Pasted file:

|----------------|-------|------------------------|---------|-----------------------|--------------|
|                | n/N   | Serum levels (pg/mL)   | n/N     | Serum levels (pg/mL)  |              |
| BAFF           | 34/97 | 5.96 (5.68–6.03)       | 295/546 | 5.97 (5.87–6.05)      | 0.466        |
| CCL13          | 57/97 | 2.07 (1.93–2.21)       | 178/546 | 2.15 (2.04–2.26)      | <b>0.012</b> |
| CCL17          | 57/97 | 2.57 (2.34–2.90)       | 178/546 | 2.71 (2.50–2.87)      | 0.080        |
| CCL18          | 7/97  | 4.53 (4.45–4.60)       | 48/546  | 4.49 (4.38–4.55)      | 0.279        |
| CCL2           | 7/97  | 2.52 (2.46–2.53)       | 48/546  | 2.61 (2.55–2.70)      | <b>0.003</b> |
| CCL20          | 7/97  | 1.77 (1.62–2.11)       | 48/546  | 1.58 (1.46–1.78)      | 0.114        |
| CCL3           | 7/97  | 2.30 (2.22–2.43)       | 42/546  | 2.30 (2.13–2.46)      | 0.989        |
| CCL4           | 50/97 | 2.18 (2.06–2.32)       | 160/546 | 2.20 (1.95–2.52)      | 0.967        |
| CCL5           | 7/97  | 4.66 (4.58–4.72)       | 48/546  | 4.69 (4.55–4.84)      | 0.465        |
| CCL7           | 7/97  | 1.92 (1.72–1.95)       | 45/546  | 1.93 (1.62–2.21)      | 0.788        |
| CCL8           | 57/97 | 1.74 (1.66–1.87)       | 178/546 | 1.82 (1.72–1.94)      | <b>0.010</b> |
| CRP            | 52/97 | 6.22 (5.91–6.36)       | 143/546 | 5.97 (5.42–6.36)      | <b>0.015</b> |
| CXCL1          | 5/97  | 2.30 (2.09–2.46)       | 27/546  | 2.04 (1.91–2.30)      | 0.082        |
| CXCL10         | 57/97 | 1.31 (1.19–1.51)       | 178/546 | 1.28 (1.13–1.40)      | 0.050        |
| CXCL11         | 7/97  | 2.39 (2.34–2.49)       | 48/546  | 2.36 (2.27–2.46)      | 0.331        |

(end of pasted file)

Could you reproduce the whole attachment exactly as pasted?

|----------------|-------|------------------------|---------|-----------------------|--------------|
|                | n/N   | Serum levels (pg/mL)   | n/N     | Serum levels (pg/mL)  |              |
| BAFF           | 34/97 | 5.96 (5.68–6.03)       | 295/546 | 5.97 (5.87–6.05)      | 0.466        |
| CCL13          | 57/97 | 2.07 (1.93–2.21)       | 178/546 | 2.15 (2.04–2.26)      | <b>0.012</b> |
| CCL17          | 57/97 | 2.57 (2.34–2.90)       | 178/546 | 2.71 (2.50–2.87)      | 0.080        |
| CCL18          | 7/97  | 4.53 (4.45–4.60)       | 48/546  | 4.49 (4.38–4.55)      | 0.279        |
| CCL2           | 7/97  | 2.52 (2.46–2.53)       | 48/546  | 2.61 (2.55–2.70)      | <b>0.003</b> |
| CCL20          | 7/97  | 1.77 (1.62–2.11)       | 48/546  | 1.58 (1.46–1.78)      | 0.114        |
| CCL3           | 7/97  | 2.30 (2.22–2.43)       | 42/546  | 2.30 (2.13–2.46)      | 0.989        |
| CCL4           | 50/97 | 2.18 (2.06–2.32)       | 160/546 | 2.20 (1.95–2.52)      | 0.967        |
| CCL5           | 7/97  | 4.66 (4.58–4.72)       | 48/546  | 4.69 (4.55–4.84)      | 0.465        |
| CCL7           | 7/97  | 1.92 (1.72–1.95)       | 45/546  | 1.93 (1.62–2.21)      | 0.788        |
| CCL8           | 57/97 | 1.74 (1.66–1.87)       | 178/546 | 1.82 (1.72–1.94)      | <b>0.010</b> |
| CRP            | 52/97 | 6.22 (5.91–6.36)       | 143/546 | 5.97 (5.42–6.36)      | <b>0.015</b> |
| CXCL1          | 5/97  | 2.30 (2.09–2.46)       | 27/546  | 2.04 (1.91–2.30)      | 0.082        |
| CXCL10         | 57/97 | 1.31 (1.19–1.51)       | 178/546 | 1.28 (1.13–1.40)      | 0.050        |
| CXCL11         | 7/97  | 2.39 (2.34–2.49)       | 48/546  | 2.36 (2.27–2.46)      | 0.331        |